California's Proposition 22 has been ruled unconstitutional by a superior court judge on Friday. The decision is being hailed as a big win for gig workers and a major blow to rideshare and food delivery apps.
In the fall of 2020, CA passed the Uber
Prop 22, on the other hand, argued that gig workers should be treated as independent contractors rather than as traditional employees. This meant that companies like Lyft, Uber, and DoorDash
Superior court judge in Alameda County Frank Roesch determined that portions of Prop 22 were in violation of the state's constitution, making the entire law unenforceable.
Roesch found Prop 22 unconstitutional because it "limits the power of a future legislature to define app-based drivers as workers", it "defines unrelated legislation as an 'amendment'", and it reportedly includes sections that are not relevant to the law's stated purpose.
The judge's ruling is regarding a case brought by the Service Employees International Union (SEIU), the second such case that has been brought by worker advocates against Prop 22. A prior lawsuit covering similar claims was rejected by the California Supreme Court who sent the case to a lower court.
"For two years, drivers have been saying that democracy cannot be bought. And today's decision shows they were right," President of SEIU California State Council Bob Schoonover said in a statement.
In order to increase the odds that Prop 22 would pass in the state, companies that rely on gig workers, including Lyft, Uber, DoorDash, and others, spent $205 million on advertising and other campaign efforts.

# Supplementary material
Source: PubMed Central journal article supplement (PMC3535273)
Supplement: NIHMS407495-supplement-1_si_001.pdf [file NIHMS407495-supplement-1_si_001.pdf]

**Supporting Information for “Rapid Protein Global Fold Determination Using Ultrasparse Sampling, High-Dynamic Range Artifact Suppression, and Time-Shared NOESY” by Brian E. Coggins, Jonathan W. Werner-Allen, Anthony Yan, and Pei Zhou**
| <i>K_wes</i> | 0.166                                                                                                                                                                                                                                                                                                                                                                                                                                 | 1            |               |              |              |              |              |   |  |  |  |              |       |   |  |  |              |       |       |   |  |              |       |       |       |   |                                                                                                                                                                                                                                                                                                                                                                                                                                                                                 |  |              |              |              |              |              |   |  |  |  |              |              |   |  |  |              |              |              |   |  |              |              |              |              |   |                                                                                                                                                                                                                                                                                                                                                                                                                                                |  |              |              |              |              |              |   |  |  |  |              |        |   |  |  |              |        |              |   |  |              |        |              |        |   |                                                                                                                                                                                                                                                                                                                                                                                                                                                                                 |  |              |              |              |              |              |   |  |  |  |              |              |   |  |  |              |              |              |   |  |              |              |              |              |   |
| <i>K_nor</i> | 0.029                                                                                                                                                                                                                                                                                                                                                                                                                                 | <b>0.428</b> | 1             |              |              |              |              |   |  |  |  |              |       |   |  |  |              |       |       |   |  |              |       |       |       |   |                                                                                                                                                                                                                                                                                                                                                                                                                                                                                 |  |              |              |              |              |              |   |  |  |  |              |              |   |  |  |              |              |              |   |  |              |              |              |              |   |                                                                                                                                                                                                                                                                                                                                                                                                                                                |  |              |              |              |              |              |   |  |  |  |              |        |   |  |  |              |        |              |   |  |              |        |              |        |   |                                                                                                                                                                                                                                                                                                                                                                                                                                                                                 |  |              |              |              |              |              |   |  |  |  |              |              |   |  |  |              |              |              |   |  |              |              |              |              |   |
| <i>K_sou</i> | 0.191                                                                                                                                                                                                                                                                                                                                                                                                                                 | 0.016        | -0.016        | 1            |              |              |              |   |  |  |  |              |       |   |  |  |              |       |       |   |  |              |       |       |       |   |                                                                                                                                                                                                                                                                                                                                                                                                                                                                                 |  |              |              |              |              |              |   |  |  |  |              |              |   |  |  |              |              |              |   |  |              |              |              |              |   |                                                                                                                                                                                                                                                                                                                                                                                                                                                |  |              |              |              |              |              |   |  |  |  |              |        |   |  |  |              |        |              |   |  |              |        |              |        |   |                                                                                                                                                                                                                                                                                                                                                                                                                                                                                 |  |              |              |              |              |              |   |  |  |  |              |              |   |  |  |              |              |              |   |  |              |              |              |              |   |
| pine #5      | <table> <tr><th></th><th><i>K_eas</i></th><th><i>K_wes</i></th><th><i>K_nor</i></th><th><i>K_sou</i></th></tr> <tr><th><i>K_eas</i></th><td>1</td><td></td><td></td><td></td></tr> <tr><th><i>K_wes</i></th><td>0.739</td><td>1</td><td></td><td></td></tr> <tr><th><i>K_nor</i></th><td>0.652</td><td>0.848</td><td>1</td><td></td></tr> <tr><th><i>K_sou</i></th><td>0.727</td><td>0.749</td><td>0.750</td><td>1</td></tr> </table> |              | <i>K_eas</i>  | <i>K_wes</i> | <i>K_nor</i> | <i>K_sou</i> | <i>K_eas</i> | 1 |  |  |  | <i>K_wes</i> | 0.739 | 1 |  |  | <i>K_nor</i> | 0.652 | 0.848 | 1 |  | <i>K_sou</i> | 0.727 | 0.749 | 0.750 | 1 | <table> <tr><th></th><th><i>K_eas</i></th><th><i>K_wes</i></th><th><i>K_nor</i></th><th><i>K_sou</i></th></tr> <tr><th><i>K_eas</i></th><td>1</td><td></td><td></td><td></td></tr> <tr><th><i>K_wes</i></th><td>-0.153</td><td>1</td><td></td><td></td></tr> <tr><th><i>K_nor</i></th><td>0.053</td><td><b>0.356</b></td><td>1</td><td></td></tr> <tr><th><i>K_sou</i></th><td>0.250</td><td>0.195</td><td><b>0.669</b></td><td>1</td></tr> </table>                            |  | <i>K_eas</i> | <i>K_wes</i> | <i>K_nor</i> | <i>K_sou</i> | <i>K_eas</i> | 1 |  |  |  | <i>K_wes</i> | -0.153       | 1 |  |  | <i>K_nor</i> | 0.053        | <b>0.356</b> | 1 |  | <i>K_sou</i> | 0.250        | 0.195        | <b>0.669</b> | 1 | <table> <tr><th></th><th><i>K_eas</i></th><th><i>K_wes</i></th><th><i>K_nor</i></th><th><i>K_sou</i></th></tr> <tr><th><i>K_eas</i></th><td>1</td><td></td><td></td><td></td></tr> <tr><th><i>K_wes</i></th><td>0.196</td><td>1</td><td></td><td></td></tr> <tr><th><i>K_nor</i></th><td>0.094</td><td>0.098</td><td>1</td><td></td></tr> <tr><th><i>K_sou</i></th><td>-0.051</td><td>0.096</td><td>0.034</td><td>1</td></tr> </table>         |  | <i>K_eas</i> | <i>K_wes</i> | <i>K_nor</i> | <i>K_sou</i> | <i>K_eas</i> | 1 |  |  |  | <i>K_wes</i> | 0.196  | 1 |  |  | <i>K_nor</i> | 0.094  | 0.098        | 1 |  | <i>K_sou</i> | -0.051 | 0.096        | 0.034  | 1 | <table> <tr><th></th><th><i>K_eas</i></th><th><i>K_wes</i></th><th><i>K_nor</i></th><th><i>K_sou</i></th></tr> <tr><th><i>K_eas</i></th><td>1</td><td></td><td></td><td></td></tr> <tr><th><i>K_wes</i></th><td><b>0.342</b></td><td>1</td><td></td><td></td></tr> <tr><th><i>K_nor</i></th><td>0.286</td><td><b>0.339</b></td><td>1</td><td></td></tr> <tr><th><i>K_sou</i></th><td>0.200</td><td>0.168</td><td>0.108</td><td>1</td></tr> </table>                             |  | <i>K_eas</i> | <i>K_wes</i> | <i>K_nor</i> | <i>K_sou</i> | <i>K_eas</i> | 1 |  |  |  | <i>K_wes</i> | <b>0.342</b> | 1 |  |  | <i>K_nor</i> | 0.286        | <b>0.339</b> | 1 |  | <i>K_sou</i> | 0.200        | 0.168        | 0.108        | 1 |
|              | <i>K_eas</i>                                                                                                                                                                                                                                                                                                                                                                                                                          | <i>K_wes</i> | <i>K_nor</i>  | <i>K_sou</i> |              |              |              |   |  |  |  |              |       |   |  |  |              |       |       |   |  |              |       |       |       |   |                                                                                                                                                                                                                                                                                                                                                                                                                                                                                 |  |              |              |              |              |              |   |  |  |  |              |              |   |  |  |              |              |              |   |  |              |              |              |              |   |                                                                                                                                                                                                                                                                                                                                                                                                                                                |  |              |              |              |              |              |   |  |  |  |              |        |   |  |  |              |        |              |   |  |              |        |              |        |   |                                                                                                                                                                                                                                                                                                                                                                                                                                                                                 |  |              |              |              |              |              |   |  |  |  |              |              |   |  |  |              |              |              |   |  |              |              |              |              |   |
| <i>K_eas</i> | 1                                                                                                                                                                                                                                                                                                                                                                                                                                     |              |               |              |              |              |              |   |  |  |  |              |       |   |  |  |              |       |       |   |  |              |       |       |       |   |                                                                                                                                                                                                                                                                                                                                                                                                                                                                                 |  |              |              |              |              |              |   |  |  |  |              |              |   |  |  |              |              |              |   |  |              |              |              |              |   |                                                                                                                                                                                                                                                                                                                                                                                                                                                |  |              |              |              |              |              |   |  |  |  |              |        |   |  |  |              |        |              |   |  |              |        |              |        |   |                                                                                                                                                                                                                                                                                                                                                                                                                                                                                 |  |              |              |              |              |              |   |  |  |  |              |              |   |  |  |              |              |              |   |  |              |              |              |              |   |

"To get Prop 22 passed, gig companies - which have yet to turn a profit - spent a historic $205 million on their campaign, effectively creating a political template for future anti-democratic, corporate law-making," co-founder of AI Now Institute and Veena Dubal Meredith Whittaker wrote.
While both AB-5 and Prop 22 technically only apply to CA workers, they have an impact on the future of the entire gig industry. The success of either of these measures in CA makes it more likely that similar gig worker reforms could be made in other states. This makes Roesch declaration a big wins for gig workers and gig worker advocates, including lawmakers like San Jose Assemblymember Ash Kalra, D.
"The judge is right and I think we were right, those of us that were fighting against Prop 22," Kalra said on Twitter
While gig workers often choose their positions due to the flexibility and independence of the work, being classified as an independent contractor means missing out on significant employee benefits.
"They have not been given healthcare. They're given a little stipend but it doesn't even cover a small portion of the cost so most of the ride-share workers are on Medi-Cal or Medicare. We're basically subsidizing the profits of these companies."
However, gig worker advocacy groups like Gig Workers Rising argue that Prop 22 was an "illegal corporate power grab" carried out by "a handful of rogue corporations that continue to act above the law."
"Prop 22 is not just harmful for gig workers-it is also dangerous for our democracy." the group's leader, Shona Clarkson, said in a statement. "This fight is not over until all gig workers receive the living wages, benefits and voice on the job they have earned."
Roesch's decision on Prop 22 is expected to be appealed, and both Uber and Lyft have announced plans to do so.
According to a spokesperson for Uber, Roesch's ruling "ignores the will of the overwhelming majority of California voters and defies both logic and the law. You don't have to take our word for it: California's Attorney General strongly defended Prop 22's constitutionality in this very case."
Lyft, on the other hand, has released a statement claiming that "the judge made a serious error by ignoring a century's worth of case law requiring the courts to guard the voters' right of initiative" and further stated that Prop 22 would remain in effect until the appeals are complete.